- Excessive transportation costs
- Procurement costs
- Inventory and storage costs
- Waste in the supply chain
- Inadequate inventory management
- Poor forecast accuracy
These are all areas to look closely at if you want your supply chain to support, rather than hinder the general success of your business. A great deal of cost can be saved not by making cuts per se, but by improving, streamlining, and optimising the supply chain. This is no idle assertion. In fact it’s supported by the results of a 2014 survey conducted by PwC, which revealed that businesses with optimal supply chains have 15% lower supply chain costs, less than 50% of the inventory holdings and cash-to-cash cycles at least three times faster than those not focused on supply chain optimisation.
SEE ALSO: Cost to Serve and Business Profitability
5. Supplier Performance
The supply chain, as its name suggests, is only as strong as its weakest link. Unfortunately some of the links are unlikely to be under the direct control of your business organisation. To some extent, your suppliers hold your business success (or lack of success), in their hands. That’s why it’s essential to work in collaboration, at least with primary suppliers, to try and minimise supply chain uncertainty. Uncertainty in the supply chain costs money and impacts customer service, making it a particularly disruptive factor in overall business performance. Collaboration between your organisation and its key suppliers is the only way to guard against supply bottlenecks and inventory shortages, both of which can otherwise get in the way of business success.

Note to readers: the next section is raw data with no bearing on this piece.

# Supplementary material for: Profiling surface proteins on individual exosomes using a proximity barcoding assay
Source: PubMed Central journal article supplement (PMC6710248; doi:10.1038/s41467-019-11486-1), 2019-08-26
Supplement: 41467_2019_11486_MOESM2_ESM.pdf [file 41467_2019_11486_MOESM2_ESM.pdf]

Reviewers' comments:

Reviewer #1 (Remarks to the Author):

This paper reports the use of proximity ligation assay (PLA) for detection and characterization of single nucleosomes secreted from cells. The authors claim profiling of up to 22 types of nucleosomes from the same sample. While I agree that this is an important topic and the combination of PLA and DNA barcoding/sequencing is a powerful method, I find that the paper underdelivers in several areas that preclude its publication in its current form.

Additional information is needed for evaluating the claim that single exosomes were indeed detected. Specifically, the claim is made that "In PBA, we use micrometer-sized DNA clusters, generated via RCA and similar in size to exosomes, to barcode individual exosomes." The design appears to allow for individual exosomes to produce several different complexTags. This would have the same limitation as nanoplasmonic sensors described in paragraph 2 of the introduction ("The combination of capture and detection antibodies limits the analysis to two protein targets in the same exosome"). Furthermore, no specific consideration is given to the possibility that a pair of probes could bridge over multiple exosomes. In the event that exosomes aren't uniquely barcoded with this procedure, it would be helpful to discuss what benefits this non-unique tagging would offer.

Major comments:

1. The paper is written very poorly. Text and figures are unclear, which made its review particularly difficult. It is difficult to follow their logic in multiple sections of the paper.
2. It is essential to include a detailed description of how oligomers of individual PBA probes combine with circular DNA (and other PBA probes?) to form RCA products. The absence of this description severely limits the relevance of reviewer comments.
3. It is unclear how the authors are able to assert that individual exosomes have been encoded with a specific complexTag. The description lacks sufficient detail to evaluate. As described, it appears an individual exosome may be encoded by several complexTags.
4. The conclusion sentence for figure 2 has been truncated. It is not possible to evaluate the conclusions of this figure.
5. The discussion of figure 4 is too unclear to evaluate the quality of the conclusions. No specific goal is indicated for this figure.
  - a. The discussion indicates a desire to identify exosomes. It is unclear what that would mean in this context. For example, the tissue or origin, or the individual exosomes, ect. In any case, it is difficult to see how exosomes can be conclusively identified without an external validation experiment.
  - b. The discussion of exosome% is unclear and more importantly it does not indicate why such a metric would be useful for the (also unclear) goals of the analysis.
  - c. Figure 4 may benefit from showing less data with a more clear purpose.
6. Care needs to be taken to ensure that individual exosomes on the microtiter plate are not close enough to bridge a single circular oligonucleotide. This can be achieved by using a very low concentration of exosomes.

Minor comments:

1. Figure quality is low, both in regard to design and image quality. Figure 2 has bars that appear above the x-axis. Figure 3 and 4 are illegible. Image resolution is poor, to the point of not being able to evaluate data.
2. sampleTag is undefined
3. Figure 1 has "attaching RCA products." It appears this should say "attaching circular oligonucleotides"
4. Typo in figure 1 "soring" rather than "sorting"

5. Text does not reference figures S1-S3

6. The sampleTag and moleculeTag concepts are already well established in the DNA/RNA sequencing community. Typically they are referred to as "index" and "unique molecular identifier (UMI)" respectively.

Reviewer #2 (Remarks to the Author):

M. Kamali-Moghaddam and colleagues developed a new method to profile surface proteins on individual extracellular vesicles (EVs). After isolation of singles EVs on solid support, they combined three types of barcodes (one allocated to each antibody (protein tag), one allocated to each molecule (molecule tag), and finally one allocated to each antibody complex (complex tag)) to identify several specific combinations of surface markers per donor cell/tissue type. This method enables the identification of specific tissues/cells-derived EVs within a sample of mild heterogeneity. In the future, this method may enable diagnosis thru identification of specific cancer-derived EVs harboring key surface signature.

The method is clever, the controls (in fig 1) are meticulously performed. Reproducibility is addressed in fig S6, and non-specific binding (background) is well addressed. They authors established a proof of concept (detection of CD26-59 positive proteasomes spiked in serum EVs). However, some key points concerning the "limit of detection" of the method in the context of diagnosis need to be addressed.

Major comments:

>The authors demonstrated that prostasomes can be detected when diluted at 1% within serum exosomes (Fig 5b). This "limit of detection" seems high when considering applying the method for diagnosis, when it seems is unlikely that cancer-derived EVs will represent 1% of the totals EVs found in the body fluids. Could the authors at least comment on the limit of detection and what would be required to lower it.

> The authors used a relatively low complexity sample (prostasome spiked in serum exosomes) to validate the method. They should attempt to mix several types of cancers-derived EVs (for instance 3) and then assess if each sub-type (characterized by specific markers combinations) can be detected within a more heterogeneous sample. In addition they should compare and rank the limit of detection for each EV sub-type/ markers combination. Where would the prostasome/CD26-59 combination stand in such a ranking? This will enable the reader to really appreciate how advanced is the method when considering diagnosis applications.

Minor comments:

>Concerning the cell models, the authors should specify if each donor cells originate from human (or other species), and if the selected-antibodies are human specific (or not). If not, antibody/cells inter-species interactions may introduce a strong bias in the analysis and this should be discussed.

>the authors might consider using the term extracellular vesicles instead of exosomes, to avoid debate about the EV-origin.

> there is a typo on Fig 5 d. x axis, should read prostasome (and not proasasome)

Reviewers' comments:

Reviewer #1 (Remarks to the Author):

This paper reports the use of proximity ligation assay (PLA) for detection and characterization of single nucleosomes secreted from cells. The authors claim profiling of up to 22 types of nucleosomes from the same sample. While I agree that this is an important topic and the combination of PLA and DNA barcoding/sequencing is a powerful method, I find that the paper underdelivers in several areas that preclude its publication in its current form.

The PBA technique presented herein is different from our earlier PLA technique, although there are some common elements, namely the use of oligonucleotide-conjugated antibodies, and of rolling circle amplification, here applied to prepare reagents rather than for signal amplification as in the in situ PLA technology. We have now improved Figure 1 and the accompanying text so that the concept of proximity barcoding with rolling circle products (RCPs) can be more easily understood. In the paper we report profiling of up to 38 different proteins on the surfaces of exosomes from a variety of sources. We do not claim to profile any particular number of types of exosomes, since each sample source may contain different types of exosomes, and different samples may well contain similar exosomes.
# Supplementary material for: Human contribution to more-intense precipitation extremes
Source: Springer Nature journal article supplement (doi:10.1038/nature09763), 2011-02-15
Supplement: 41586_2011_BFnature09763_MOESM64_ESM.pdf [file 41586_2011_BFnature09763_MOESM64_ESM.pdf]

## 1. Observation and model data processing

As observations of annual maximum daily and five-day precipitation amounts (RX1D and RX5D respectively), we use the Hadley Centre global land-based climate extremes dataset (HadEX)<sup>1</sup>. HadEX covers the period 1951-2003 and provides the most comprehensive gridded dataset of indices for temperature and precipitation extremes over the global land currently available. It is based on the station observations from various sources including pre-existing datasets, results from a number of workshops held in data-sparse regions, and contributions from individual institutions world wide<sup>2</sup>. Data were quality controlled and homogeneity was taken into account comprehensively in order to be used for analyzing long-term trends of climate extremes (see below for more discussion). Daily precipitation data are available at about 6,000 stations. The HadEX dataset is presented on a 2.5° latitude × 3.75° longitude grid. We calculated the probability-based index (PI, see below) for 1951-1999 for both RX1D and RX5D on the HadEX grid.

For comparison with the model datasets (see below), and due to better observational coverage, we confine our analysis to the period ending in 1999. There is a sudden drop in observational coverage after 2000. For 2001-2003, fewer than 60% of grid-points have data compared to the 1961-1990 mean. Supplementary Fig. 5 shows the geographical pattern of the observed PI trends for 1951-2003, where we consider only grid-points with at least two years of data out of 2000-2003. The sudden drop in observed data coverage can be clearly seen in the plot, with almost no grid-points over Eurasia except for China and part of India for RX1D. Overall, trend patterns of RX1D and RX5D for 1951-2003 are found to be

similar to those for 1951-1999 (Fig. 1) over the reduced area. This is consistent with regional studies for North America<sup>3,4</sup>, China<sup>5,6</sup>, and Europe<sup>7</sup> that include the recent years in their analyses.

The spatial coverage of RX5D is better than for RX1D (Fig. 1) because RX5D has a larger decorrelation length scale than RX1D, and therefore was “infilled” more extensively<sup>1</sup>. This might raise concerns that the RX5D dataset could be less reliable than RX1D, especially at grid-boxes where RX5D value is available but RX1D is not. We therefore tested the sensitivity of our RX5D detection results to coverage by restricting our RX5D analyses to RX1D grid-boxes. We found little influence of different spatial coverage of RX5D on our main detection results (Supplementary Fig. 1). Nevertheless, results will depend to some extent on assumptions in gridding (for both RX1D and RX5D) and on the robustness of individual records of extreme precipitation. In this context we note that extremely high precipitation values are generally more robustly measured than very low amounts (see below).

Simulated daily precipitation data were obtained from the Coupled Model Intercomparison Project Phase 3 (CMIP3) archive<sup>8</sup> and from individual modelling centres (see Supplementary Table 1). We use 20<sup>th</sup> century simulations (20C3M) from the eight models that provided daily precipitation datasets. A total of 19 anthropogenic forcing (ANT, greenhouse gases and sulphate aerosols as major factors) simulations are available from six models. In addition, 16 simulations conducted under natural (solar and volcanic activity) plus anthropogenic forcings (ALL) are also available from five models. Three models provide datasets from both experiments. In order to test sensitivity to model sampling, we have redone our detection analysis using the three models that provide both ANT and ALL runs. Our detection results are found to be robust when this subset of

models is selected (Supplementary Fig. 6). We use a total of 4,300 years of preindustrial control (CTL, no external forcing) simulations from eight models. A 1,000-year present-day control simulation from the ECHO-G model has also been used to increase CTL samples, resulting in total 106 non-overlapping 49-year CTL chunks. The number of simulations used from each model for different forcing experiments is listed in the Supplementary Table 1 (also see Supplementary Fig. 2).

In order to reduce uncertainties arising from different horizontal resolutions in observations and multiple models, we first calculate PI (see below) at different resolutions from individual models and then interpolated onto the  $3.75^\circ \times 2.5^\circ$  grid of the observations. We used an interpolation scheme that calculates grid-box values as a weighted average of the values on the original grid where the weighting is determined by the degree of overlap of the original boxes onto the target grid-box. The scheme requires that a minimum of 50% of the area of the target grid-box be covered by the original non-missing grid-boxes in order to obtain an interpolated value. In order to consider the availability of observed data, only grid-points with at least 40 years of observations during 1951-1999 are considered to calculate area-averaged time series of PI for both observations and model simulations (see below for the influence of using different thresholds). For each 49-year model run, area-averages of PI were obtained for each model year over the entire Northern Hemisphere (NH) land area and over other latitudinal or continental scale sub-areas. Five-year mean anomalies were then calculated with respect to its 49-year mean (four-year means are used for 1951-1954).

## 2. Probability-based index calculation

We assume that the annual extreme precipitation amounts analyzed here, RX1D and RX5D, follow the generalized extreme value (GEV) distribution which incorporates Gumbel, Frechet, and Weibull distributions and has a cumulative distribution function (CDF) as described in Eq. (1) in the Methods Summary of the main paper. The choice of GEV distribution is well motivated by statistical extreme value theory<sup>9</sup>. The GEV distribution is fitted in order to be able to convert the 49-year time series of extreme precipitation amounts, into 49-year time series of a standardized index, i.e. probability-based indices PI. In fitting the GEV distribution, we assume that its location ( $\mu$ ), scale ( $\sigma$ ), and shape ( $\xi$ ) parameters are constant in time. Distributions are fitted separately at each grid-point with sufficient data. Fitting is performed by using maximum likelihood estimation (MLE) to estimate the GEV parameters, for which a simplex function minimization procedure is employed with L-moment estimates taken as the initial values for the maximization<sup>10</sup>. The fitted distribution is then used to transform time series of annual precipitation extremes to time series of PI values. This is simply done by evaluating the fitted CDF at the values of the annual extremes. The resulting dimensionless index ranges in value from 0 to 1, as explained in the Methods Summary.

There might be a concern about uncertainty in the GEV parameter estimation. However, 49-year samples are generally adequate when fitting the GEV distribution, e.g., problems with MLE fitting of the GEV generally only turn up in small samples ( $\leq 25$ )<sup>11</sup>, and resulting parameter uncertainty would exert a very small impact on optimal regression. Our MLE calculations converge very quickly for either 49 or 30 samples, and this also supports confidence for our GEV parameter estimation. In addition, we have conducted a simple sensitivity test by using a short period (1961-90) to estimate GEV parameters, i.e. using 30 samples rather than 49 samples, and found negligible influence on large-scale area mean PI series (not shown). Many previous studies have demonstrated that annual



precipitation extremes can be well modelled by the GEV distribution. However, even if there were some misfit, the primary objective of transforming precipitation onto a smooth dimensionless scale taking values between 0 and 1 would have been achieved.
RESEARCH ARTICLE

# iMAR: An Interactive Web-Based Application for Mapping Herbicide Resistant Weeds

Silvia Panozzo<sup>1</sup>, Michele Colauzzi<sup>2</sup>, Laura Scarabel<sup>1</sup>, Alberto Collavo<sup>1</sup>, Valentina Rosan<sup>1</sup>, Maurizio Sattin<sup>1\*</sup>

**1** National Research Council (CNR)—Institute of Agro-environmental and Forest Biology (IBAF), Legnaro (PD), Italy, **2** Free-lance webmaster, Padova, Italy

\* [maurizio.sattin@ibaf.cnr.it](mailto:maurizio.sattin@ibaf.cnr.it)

At the same time, there is also a need to manage supplier/buyer contracts and agreements effectively.